A similar work on the micropropagation of halophytes did not report the testing of different disinfection methods, but in most studies of other glycophytic Polygonum species the most used sterilization agent is HgCl2 (0.1–0.5%) between 1 and 10 min (Das and Handique, 2002; Hasan and Sikdar, 2010; Haneef et al., 2019), which is, according to our results, the most effective treatment. Moreover, several Polygonum species have been produced by in vitro techniques for improved shoot multiplication, but just a few aimed at the production of bioactive metabolites for commercial applications. For example, a successful micropropagation protocol was established for P. acre Kunth var. aquatile (Mart.) Mesisn, and among the different growth regulators tested, the combination of 0.06 mg/L BA + 0.24 mg/L NAA promoted the highest development of shoots and elongation (2.82 per explant), and no treatment was necessary for rooting (De Lima et al., 2010). Also, Hasan and Sikdar (2010) obtained the highest shoot development of P. hydropiper L. (9.0 per explant) when they were cultivated in MS medium supplemented with 2.0 mg/L KIN (Hasan and Sikdar, 2010). In turn, P. microcephallum D. Don. explants showed the maximum shoot induction when cultivated in MS medium supplemented with 3.0 mg/L of BA + 0.1 mg/L IAA (4.7 per explant; Das and Handique, 2002). Thus, those conditions were chosen to be tested in this work but in contrast to previous reports, the combination of 3.0 mg/L BA + 0.1 mg/L IAA allowed for the highest shoot number (10.3 in the first cycle). In contrast, in spite of sea knotgrass explants cultivated with MS supplemented with 2.0 mg/L KIN having a lower shoot development, it increased 1.75 times after the second multiplication cycle. Regarding the rooting phase, similar to that observed for P. acre (De Lima et al., 2010), for sea knotgrass no treatment was needed for rooting and plantlets previously cultivated in MS medium supplemented with 3.0 mg/L BA + 0.1 mg/L IAA and 2.0 mg/L KIN easily developed roots (90–97% of rooting), when transferred into MS medium without PGRs, comparable to the rooting percentage obtained in plants from medium without PGRs (100%). Additionally, at the end of the rooting phase, the individualized shoots derived from both above-mentioned media produced a similar number of shoots with identical height (Figure 3).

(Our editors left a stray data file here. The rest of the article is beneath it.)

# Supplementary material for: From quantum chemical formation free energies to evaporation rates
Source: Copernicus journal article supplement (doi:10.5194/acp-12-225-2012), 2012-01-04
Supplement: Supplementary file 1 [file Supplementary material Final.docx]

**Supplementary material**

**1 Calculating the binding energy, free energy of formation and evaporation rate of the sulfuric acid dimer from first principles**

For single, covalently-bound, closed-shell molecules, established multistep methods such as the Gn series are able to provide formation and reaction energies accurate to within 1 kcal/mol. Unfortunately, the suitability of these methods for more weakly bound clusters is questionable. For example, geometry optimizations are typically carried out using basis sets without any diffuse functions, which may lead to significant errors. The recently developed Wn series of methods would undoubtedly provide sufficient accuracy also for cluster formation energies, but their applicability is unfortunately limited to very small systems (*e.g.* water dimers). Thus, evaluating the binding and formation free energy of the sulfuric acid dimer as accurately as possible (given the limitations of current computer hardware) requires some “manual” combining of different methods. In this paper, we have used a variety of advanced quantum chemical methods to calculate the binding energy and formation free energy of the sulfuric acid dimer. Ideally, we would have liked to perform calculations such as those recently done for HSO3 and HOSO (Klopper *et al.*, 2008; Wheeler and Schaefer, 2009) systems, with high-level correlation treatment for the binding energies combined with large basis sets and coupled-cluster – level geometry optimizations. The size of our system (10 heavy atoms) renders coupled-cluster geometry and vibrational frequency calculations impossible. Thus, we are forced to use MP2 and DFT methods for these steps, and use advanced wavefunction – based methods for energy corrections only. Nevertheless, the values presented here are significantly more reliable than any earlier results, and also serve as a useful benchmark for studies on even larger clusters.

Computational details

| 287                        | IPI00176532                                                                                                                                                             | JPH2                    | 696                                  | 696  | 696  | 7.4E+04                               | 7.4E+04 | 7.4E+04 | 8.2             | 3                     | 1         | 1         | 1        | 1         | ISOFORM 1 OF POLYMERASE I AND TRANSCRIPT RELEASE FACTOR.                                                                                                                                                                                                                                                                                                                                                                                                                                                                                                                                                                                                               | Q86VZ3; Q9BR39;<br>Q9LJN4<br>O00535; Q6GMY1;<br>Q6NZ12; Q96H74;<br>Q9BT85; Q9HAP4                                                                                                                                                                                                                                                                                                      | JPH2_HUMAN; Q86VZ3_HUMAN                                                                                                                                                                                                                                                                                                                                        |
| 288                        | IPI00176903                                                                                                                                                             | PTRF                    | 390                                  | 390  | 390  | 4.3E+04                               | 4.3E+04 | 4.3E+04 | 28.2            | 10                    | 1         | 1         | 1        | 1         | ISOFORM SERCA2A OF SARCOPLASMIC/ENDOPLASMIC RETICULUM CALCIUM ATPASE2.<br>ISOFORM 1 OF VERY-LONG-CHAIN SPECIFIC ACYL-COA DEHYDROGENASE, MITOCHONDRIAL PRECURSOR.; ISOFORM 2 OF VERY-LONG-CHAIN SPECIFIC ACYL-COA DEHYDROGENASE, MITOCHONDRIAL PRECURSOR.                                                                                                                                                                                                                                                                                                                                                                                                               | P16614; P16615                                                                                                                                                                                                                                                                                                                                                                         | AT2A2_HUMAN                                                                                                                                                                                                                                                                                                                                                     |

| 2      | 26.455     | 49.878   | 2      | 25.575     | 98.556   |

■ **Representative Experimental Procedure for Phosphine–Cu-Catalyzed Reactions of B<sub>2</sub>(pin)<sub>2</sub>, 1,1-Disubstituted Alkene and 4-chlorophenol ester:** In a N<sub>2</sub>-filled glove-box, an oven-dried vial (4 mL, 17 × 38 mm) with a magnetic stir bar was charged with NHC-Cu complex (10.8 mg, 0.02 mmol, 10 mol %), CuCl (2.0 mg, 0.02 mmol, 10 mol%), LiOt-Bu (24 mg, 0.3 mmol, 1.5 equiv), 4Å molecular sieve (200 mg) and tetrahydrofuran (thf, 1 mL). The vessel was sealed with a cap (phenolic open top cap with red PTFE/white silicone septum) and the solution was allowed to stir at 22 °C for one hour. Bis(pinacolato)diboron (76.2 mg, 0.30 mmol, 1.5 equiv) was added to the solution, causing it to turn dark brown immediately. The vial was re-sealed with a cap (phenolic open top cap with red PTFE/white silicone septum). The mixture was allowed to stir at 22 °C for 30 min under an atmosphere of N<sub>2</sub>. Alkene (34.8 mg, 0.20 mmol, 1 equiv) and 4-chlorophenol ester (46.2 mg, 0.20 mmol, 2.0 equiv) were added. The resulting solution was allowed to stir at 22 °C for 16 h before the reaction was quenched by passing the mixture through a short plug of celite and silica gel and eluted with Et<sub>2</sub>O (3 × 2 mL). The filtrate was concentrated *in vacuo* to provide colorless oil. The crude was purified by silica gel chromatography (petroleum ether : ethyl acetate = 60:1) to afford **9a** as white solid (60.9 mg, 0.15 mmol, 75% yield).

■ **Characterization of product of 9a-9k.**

The success of in vitro propagation depends ultimately on the successful establishment of plants in the soil. Also, as the leaves of in vitro-produced plantlets contain minimal cuticular wax and low- or nonactive stomatal systems, they are subjected to high water losses through the leaf surface (Din et al., 2020). Thus, the limited survival of plantlets from MS medium supplemented with 3.0 mg/L BA + 0.1 mg/L IAA can be related to their very tender structure with low developed leaves and fragile stems (Figure 4A) that allows for faster dehydration and consequent death. In turn, plantlets from culture medium with 2.0 mg/L KIN were more robust, presenting more developed leaves and trickier stems (Figure 4B), which were more resistant to the acclimatization process showing the highest survival (53.6%) among the treatments. A strategy to improve the plant survival during the acclimatization phase could be rooting in half-strength MS basal medium since the nutrient and osmotic stresses promote the root formation, as well as the reduction of osmotic potential for improved water uptake, which may result in higher success in the acclimatization of plantlets (Argentel-Martínez et al., 2019).